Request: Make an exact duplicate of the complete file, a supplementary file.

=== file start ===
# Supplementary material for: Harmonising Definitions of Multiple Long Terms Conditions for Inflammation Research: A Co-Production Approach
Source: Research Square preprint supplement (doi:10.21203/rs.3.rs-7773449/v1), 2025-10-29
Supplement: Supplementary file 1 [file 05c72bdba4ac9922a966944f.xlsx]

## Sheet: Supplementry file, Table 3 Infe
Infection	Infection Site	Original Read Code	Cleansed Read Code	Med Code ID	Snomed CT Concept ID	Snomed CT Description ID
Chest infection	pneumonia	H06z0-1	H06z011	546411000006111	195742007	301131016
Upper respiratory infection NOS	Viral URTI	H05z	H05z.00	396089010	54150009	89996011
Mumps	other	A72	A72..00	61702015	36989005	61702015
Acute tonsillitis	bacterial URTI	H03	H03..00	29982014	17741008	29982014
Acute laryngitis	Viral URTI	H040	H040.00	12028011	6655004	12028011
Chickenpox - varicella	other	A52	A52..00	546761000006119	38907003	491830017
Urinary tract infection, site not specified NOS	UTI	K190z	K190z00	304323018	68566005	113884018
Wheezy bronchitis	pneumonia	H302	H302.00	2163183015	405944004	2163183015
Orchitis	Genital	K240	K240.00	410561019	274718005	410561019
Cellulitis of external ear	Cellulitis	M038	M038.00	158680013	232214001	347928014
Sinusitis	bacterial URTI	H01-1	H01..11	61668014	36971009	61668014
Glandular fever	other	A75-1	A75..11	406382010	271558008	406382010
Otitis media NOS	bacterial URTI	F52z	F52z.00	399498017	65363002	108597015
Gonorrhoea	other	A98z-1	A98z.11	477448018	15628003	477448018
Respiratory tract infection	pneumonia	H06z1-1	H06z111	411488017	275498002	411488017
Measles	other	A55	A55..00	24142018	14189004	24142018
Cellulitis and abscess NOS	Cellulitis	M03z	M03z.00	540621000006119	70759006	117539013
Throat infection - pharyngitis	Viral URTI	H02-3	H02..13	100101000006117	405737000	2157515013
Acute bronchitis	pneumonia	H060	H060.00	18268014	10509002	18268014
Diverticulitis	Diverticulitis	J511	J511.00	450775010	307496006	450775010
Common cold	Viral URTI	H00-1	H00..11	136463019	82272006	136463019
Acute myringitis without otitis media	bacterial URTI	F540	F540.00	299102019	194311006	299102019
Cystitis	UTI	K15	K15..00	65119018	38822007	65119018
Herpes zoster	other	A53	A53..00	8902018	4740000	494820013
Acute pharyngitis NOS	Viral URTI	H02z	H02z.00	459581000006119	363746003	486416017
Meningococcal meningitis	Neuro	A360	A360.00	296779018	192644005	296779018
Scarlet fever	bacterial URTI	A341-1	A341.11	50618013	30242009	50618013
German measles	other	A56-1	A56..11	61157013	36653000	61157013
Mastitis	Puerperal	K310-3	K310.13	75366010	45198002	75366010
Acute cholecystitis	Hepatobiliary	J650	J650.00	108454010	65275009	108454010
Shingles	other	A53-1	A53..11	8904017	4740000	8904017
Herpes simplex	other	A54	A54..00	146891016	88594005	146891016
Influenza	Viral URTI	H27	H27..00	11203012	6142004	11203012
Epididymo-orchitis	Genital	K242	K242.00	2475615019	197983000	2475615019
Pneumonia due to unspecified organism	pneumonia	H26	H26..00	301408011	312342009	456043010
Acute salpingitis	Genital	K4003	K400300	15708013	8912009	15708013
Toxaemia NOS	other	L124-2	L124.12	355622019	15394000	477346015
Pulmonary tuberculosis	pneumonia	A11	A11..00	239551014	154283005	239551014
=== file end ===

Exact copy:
# Supplementary material for: Harmonising Definitions of Multiple Long Terms Conditions for Inflammation Research: A Co-Production Approach
Source: Research Square preprint supplement (doi:10.21203/rs.3.rs-7773449/v1), 2025-10-29
Supplement: Supplementary file 1 [file 05c72bdba4ac9922a966944f.xlsx]

## Sheet: Supplementry file, Table 3 Infe
Infection	Infection Site	Original Read Code	Cleansed Read Code	Med Code ID	Snomed CT Concept ID	Snomed CT Description ID
Chest infection	pneumonia	H06z0-1	H06z011	546411000006111	195742007	301131016
Upper respiratory infection NOS	Viral URTI	H05z	H05z.00	396089010	54150009	89996011
Mumps	other	A72	A72..00	61702015	36989005	61702015
Acute tonsillitis	bacterial URTI	H03	H03..00	29982014	17741008	29982014
Acute laryngitis	Viral URTI	H040	H040.00	12028011	6655004	12028011
Chickenpox - varicella	other	A52	A52..00	546761000006119	38907003	491830017
Urinary tract infection, site not specified NOS	UTI	K190z	K190z00	304323018	68566005	113884018
Wheezy bronchitis	pneumonia	H302	H302.00	2163183015	405944004	2163183015
Orchitis	Genital	K240	K240.00	410561019	274718005	410561019
Cellulitis of external ear	Cellulitis	M038	M038.00	158680013	232214001	347928014
Sinusitis	bacterial URTI	H01-1	H01..11	61668014	36971009	61668014
Glandular fever	other	A75-1	A75..11	406382010	271558008	406382010
Otitis media NOS	bacterial URTI	F52z	F52z.00	399498017	65363002	108597015
Gonorrhoea	other	A98z-1	A98z.11	477448018	15628003	477448018
Respiratory tract infection	pneumonia	H06z1-1	H06z111	411488017	275498002	411488017
Measles	other	A55	A55..00	24142018	14189004	24142018
Cellulitis and abscess NOS	Cellulitis	M03z	M03z.00	540621000006119	70759006	117539013
Throat infection - pharyngitis	Viral URTI	H02-3	H02..13	100101000006117	405737000	2157515013
Acute bronchitis	pneumonia	H060	H060.00	18268014	10509002	18268014
Diverticulitis	Diverticulitis	J511	J511.00	450775010	307496006	450775010
Common cold	Viral URTI	H00-1	H00..11	136463019	82272006	136463019
Acute myringitis without otitis media	bacterial URTI	F540	F540.00	299102019	194311006	299102019
Cystitis	UTI	K15	K15..00	65119018	38822007	65119018
Herpes zoster	other	A53	A53..00	8902018	4740000	494820013
Acute pharyngitis NOS	Viral URTI	H02z	H02z.00	459581000006119	363746003	486416017
Meningococcal meningitis	Neuro	A360	A360.00	296779018	192644005	296779018
Scarlet fever	bacterial URTI	A341-1	A341.11	50618013	30242009	50618013
German measles	other	A56-1	A56..11	61157013	36653000	61157013
Mastitis	Puerperal	K310-3	K310.13	75366010	45198002	75366010
Acute cholecystitis	Hepatobiliary	J650	J650.00	108454010	65275009	108454010
Shingles	other	A53-1	A53..11	8904017	4740000	8904017
Herpes simplex	other	A54	A54..00	146891016	88594005	146891016
Influenza	Viral URTI	H27	H27..00	11203012	6142004	11203012
Epididymo-orchitis	Genital	K242	K242.00	2475615019	197983000	2475615019
Pneumonia due to unspecified organism	pneumonia	H26	H26..00	301408011	312342009	456043010
Acute salpingitis	Genital	K4003	K400300	15708013	8912009	15708013
Toxaemia NOS	other	L124-2	L124.12	355622019	15394000	477346015
Pulmonary tuberculosis	pneumonia	A11	A11..00	239551014	154283005	239551014